The chaos began on Saturday afternoon when an officer fatally shot 25-year-old Manuel Diaz, who was unarmed, as he attempted to flee from police. Family members and neighbors claim he was first shot in the back, fell to his knees, and was then shot in the back of the head. Video by a bystander shows officers walking around Diaz as he lay face down in the grass with his arms handcuffed behind his back. Police have so far declined to detail the reasons for the shooting, only alleging that Diaz was a known gang member.

Hours later, angry residents took to the street and were met with pepper spray and bean bags. A video shot by a local news camera showed officers pointing projectile rifles at crowds that included women and children and a police dog rushing toward a woman and her child. "There were a lot of little kids there when they started to shoot," says Maria Gonzalez, 35, who watched police break up the protest. "They're abusing their authority." Later that night, demonstrators set fire to dumpsters and blocked the street.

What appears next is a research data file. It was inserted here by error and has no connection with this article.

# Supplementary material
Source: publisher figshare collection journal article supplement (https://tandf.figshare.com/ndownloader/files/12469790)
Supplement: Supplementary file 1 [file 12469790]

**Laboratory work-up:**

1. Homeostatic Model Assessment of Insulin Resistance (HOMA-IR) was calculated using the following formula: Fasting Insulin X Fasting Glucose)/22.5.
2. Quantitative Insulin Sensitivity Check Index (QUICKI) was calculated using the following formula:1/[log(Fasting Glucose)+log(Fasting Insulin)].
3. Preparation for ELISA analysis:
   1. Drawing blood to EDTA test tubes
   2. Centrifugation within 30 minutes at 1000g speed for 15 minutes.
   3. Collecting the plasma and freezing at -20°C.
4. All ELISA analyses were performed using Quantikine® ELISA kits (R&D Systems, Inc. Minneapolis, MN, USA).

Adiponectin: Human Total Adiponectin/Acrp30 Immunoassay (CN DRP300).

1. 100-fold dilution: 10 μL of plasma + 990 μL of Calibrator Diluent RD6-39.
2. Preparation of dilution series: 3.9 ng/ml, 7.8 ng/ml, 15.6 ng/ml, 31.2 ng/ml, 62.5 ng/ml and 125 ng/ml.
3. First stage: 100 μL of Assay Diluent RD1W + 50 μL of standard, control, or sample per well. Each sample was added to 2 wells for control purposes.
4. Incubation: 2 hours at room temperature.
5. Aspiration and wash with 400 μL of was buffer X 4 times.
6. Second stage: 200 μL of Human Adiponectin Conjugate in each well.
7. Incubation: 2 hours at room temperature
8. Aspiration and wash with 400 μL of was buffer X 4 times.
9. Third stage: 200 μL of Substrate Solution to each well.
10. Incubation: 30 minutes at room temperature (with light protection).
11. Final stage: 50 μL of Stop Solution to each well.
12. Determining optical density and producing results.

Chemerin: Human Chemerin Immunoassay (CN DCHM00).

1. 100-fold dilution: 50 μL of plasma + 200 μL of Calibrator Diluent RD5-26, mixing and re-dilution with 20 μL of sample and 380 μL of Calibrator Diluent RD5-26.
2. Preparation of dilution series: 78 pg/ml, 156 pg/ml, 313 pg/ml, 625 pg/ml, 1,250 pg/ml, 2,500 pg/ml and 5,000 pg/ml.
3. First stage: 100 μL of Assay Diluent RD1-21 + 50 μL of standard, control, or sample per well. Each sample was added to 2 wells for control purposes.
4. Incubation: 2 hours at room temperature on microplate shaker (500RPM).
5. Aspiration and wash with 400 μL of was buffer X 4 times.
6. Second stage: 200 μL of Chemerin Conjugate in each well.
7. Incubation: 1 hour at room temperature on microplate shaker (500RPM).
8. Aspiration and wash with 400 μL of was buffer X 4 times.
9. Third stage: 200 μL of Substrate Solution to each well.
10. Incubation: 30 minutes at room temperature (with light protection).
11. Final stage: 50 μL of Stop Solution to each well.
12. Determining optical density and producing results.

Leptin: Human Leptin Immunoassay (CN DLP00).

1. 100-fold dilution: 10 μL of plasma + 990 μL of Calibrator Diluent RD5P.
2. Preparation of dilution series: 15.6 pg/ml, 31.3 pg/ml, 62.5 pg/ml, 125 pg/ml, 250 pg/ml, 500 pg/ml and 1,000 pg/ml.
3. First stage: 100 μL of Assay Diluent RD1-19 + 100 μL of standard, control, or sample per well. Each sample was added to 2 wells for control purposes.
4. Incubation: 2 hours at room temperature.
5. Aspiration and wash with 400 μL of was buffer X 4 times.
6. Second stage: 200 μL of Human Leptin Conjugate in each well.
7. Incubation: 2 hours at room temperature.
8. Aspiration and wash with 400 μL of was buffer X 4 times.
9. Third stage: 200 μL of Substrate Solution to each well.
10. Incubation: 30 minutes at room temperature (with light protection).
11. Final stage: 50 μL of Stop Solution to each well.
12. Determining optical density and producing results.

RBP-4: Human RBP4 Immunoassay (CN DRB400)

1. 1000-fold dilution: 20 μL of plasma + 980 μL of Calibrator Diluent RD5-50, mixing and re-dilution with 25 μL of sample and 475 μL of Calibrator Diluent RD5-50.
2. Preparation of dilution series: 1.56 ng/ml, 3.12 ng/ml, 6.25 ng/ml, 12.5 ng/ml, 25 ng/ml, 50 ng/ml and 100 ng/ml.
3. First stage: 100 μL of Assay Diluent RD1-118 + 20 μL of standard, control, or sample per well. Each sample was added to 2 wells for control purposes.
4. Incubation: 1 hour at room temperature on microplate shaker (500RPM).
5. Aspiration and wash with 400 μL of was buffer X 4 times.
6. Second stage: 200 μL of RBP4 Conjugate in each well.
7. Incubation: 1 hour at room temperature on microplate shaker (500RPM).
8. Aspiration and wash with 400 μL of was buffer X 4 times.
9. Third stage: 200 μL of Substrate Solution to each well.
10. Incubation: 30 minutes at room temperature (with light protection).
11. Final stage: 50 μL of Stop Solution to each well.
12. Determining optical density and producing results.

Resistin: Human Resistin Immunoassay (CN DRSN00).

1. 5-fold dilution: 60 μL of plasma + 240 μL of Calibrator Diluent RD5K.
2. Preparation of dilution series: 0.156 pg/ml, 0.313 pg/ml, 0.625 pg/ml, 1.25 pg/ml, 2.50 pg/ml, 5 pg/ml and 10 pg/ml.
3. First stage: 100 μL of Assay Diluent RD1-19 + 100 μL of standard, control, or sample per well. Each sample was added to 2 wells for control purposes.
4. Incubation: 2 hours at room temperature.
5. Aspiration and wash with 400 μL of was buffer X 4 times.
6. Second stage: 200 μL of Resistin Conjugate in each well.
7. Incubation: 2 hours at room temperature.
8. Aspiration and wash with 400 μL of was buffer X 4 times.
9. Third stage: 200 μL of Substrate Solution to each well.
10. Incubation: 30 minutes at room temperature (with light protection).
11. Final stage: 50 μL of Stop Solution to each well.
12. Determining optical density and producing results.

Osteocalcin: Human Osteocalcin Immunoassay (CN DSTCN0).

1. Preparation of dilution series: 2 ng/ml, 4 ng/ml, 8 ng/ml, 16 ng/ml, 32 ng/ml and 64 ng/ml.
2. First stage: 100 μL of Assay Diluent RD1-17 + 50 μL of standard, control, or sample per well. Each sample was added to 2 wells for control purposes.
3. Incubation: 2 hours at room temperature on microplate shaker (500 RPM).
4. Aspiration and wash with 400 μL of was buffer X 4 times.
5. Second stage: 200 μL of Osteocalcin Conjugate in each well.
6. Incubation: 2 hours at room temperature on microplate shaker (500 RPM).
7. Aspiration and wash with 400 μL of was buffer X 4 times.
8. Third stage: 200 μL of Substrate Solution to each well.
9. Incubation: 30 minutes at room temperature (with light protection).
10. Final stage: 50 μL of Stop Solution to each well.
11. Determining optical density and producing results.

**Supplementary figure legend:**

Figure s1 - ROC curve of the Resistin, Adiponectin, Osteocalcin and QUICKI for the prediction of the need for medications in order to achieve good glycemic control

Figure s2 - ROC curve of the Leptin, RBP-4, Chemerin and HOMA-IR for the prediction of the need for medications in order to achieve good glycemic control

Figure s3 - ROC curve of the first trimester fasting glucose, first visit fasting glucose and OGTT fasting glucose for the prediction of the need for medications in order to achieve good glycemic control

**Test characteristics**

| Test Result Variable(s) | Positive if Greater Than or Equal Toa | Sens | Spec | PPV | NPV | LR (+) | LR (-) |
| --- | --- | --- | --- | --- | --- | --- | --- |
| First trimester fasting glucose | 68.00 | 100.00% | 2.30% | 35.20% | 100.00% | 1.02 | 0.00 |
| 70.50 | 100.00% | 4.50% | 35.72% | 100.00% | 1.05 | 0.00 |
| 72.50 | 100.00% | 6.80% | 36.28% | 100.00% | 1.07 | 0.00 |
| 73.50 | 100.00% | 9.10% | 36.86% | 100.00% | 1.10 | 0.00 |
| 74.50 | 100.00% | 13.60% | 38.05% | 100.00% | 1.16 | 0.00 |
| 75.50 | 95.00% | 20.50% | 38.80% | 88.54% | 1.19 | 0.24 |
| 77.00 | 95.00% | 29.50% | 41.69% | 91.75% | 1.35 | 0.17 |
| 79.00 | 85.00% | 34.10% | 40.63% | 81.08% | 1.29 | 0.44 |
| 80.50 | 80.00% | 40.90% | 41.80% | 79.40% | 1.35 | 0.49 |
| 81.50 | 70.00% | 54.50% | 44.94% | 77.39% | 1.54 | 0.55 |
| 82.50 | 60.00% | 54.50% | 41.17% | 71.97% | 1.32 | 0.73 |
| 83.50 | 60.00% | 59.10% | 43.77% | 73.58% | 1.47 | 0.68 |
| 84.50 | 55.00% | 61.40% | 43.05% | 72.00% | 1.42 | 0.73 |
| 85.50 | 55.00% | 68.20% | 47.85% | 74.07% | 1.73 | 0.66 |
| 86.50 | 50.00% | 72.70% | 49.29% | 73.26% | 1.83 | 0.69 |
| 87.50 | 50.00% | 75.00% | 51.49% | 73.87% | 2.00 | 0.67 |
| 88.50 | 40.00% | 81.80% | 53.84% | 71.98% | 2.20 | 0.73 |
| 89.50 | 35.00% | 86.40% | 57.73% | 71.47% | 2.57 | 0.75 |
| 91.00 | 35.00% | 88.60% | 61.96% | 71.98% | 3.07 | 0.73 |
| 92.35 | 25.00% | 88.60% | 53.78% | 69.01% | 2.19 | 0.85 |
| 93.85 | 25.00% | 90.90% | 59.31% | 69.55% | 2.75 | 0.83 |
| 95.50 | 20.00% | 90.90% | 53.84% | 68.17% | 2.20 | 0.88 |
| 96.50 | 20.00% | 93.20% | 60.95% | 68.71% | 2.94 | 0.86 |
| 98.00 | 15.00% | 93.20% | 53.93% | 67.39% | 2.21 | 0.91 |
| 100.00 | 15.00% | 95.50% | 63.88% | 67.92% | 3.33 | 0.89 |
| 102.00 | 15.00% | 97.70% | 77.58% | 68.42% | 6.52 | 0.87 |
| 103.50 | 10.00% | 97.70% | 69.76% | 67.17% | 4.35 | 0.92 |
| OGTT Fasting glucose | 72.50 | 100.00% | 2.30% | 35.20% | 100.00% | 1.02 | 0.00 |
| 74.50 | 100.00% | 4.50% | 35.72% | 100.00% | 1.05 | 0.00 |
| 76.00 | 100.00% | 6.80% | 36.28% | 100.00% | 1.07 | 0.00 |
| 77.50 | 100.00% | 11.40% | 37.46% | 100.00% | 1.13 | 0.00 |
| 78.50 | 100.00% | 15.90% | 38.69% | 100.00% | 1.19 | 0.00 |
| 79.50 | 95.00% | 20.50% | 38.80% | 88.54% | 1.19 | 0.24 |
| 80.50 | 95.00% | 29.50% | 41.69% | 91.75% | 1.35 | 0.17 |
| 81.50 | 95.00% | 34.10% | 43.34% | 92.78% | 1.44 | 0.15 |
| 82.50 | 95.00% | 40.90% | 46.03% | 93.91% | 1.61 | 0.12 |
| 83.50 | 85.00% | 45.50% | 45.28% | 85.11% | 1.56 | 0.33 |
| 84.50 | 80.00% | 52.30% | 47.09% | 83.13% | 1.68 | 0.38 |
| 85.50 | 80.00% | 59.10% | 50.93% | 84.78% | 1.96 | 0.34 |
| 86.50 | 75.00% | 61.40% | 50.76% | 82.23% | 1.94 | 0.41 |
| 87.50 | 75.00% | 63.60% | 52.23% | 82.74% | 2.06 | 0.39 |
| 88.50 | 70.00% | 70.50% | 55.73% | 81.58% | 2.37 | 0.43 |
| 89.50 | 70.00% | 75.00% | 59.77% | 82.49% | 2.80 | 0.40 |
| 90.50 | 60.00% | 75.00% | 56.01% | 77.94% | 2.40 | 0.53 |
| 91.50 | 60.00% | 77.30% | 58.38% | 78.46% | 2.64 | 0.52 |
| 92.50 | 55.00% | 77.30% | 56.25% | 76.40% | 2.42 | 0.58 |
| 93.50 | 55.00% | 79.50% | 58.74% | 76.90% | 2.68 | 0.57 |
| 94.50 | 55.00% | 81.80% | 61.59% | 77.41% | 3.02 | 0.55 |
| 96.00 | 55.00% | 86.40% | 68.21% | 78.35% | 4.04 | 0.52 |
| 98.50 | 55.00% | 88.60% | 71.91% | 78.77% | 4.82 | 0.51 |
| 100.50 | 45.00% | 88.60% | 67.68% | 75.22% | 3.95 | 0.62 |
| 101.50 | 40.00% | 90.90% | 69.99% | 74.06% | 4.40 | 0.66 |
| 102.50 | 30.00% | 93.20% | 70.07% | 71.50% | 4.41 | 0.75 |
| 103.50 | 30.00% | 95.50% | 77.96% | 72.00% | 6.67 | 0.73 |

The following day, in an unrelated incident several miles away, police shot and killed 21-year-old Joel Acevedo after he and two others reportedly tried to flee from cops in a vehicle that was allegedly stolen. Neighbor Petra Perez, who says she watched the shooting, says her community is becoming more and more afraid of officers. "We can't trust the police anymore," Perez says. "There's a lot of racism. They don't have any respect for us."